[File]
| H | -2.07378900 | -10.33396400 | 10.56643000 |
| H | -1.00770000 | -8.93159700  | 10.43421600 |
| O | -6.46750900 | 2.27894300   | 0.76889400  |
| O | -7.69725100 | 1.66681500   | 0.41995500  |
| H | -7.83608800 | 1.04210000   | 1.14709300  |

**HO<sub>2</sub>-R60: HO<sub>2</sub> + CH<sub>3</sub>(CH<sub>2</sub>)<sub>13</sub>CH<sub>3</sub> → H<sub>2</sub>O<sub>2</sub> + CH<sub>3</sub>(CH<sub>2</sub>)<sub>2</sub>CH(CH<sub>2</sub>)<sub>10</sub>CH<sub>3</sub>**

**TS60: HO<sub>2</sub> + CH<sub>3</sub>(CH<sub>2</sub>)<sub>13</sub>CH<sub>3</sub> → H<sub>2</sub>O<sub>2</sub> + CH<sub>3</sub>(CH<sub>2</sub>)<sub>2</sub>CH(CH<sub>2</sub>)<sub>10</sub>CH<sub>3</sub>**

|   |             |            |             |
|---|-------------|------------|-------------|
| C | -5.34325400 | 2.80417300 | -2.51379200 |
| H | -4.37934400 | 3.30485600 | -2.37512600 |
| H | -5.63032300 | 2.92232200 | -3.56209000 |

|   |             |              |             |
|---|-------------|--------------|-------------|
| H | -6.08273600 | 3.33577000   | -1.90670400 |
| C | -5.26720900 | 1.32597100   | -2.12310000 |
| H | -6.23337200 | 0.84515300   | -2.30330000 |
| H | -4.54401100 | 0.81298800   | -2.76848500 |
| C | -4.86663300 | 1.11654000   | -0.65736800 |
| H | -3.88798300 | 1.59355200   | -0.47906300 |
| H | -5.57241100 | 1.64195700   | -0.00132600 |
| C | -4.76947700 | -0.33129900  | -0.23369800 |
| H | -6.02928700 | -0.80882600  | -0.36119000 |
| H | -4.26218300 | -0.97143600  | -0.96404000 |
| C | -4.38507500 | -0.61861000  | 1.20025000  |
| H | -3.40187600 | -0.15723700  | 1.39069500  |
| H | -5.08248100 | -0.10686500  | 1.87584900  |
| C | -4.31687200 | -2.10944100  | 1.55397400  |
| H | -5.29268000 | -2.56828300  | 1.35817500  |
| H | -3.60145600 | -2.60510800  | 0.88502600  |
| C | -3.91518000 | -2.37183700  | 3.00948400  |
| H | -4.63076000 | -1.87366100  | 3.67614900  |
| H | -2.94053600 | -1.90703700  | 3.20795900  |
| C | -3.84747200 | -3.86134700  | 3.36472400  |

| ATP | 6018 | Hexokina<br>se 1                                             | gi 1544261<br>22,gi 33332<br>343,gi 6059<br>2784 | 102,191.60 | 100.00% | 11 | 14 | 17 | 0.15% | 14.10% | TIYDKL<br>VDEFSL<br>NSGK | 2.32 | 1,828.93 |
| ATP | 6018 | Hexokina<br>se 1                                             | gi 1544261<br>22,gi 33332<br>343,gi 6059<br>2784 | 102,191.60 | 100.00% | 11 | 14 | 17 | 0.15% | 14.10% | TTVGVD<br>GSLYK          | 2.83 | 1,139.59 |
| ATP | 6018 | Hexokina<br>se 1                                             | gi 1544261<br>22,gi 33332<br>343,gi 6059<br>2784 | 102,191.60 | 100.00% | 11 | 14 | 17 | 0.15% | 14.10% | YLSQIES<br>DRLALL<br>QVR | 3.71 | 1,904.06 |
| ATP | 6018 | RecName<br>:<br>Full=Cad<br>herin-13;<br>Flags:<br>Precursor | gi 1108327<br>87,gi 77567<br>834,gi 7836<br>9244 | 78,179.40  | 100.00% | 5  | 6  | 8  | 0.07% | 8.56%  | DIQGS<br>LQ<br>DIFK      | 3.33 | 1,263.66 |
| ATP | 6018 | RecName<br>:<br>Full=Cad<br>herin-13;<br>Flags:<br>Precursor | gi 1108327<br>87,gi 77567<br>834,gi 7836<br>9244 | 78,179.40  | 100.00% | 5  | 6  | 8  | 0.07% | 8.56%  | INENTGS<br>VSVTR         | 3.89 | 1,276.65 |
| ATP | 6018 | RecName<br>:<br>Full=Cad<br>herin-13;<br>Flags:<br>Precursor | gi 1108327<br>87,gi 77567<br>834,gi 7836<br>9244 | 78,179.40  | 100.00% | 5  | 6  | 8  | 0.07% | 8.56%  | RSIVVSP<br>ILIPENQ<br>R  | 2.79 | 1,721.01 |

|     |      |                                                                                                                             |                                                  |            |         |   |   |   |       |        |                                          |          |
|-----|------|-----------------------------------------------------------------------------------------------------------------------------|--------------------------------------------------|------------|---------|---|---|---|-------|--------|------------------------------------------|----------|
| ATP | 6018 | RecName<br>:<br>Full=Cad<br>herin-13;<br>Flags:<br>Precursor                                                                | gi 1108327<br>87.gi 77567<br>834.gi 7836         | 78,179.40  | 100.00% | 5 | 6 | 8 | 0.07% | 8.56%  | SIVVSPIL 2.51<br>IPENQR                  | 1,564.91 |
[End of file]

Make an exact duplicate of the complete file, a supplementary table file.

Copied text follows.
| H | -2.07378900 | -10.33396400 | 10.56643000 |
| H | -1.00770000 | -8.93159700  | 10.43421600 |
| O | -6.46750900 | 2.27894300   | 0.76889400  |
| O | -7.69725100 | 1.66681500   | 0.41995500  |
| H | -7.83608800 | 1.04210000   | 1.14709300  |

**HO<sub>2</sub>-R60: HO<sub>2</sub> + CH<sub>3</sub>(CH<sub>2</sub>)<sub>13</sub>CH<sub>3</sub> → H<sub>2</sub>O<sub>2</sub> + CH<sub>3</sub>(CH<sub>2</sub>)<sub>2</sub>CH(CH<sub>2</sub>)<sub>10</sub>CH<sub>3</sub>**

**TS60: HO<sub>2</sub> + CH<sub>3</sub>(CH<sub>2</sub>)<sub>13</sub>CH<sub>3</sub> → H<sub>2</sub>O<sub>2</sub> + CH<sub>3</sub>(CH<sub>2</sub>)<sub>2</sub>CH(CH<sub>2</sub>)<sub>10</sub>CH<sub>3</sub>**

|   |             |            |             |
|---|-------------|------------|-------------|
| C | -5.34325400 | 2.80417300 | -2.51379200 |
| H | -4.37934400 | 3.30485600 | -2.37512600 |
| H | -5.63032300 | 2.92232200 | -3.56209000 |

|   |             |              |             |
|---|-------------|--------------|-------------|
| H | -6.08273600 | 3.33577000   | -1.90670400 |
| C | -5.26720900 | 1.32597100   | -2.12310000 |
| H | -6.23337200 | 0.84515300   | -2.30330000 |
| H | -4.54401100 | 0.81298800   | -2.76848500 |
| C | -4.86663300 | 1.11654000   | -0.65736800 |
| H | -3.88798300 | 1.59355200   | -0.47906300 |
| H | -5.57241100 | 1.64195700   | -0.00132600 |
| C | -4.76947700 | -0.33129900  | -0.23369800 |
| H | -6.02928700 | -0.80882600  | -0.36119000 |
| H | -4.26218300 | -0.97143600  | -0.96404000 |
| C | -4.38507500 | -0.61861000  | 1.20025000  |
| H | -3.40187600 | -0.15723700  | 1.39069500  |
| H | -5.08248100 | -0.10686500  | 1.87584900  |
| C | -4.31687200 | -2.10944100  | 1.55397400  |
| H | -5.29268000 | -2.56828300  | 1.35817500  |
| H | -3.60145600 | -2.60510800  | 0.88502600  |
| C | -3.91518000 | -2.37183700  | 3.00948400  |
| H | -4.63076000 | -1.87366100  | 3.67614900  |
| H | -2.94053600 | -1.90703700  | 3.20795900  |
| C | -3.84747200 | -3.86134700  | 3.36472400  |

| ATP | 6018 | Hexokina<br>se 1                                             | gi 1544261<br>22,gi 33332<br>343,gi 6059<br>2784 | 102,191.60 | 100.00% | 11 | 14 | 17 | 0.15% | 14.10% | TIYDKL<br>VDEFSL<br>NSGK | 2.32 | 1,828.93 |
| ATP | 6018 | Hexokina<br>se 1                                             | gi 1544261<br>22,gi 33332<br>343,gi 6059<br>2784 | 102,191.60 | 100.00% | 11 | 14 | 17 | 0.15% | 14.10% | TTVGVD<br>GSLYK          | 2.83 | 1,139.59 |
| ATP | 6018 | Hexokina<br>se 1                                             | gi 1544261<br>22,gi 33332<br>343,gi 6059<br>2784 | 102,191.60 | 100.00% | 11 | 14 | 17 | 0.15% | 14.10% | YLSQIES<br>DRLALL<br>QVR | 3.71 | 1,904.06 |
| ATP | 6018 | RecName<br>:<br>Full=Cad<br>herin-13;<br>Flags:<br>Precursor | gi 1108327<br>87,gi 77567<br>834,gi 7836<br>9244 | 78,179.40  | 100.00% | 5  | 6  | 8  | 0.07% | 8.56%  | DIQGS<br>LQ<br>DIFK      | 3.33 | 1,263.66 |
| ATP | 6018 | RecName<br>:<br>Full=Cad<br>herin-13;<br>Flags:<br>Precursor | gi 1108327<br>87,gi 77567<br>834,gi 7836<br>9244 | 78,179.40  | 100.00% | 5  | 6  | 8  | 0.07% | 8.56%  | INENTGS<br>VSVTR         | 3.89 | 1,276.65 |
| ATP | 6018 | RecName<br>:<br>Full=Cad<br>herin-13;<br>Flags:<br>Precursor | gi 1108327<br>87,gi 77567<br>834,gi 7836<br>9244 | 78,179.40  | 100.00% | 5  | 6  | 8  | 0.07% | 8.56%  | RSIVVSP<br>ILIPENQ<br>R  | 2.79 | 1,721.01 |

|     |      |                                                                                                                             |                                                  |            |         |   |   |   |       |        |                                          |          |
|-----|------|-----------------------------------------------------------------------------------------------------------------------------|--------------------------------------------------|------------|---------|---|---|---|-------|--------|------------------------------------------|----------|
| ATP | 6018 | RecName<br>:<br>Full=Cad<br>herin-13;<br>Flags:<br>Precursor                                                                | gi 1108327<br>87.gi 77567<br>834.gi 7836         | 78,179.40  | 100.00% | 5 | 6 | 8 | 0.07% | 8.56%  | SIVVSPIL 2.51<br>IPENQR                  | 1,564.91 |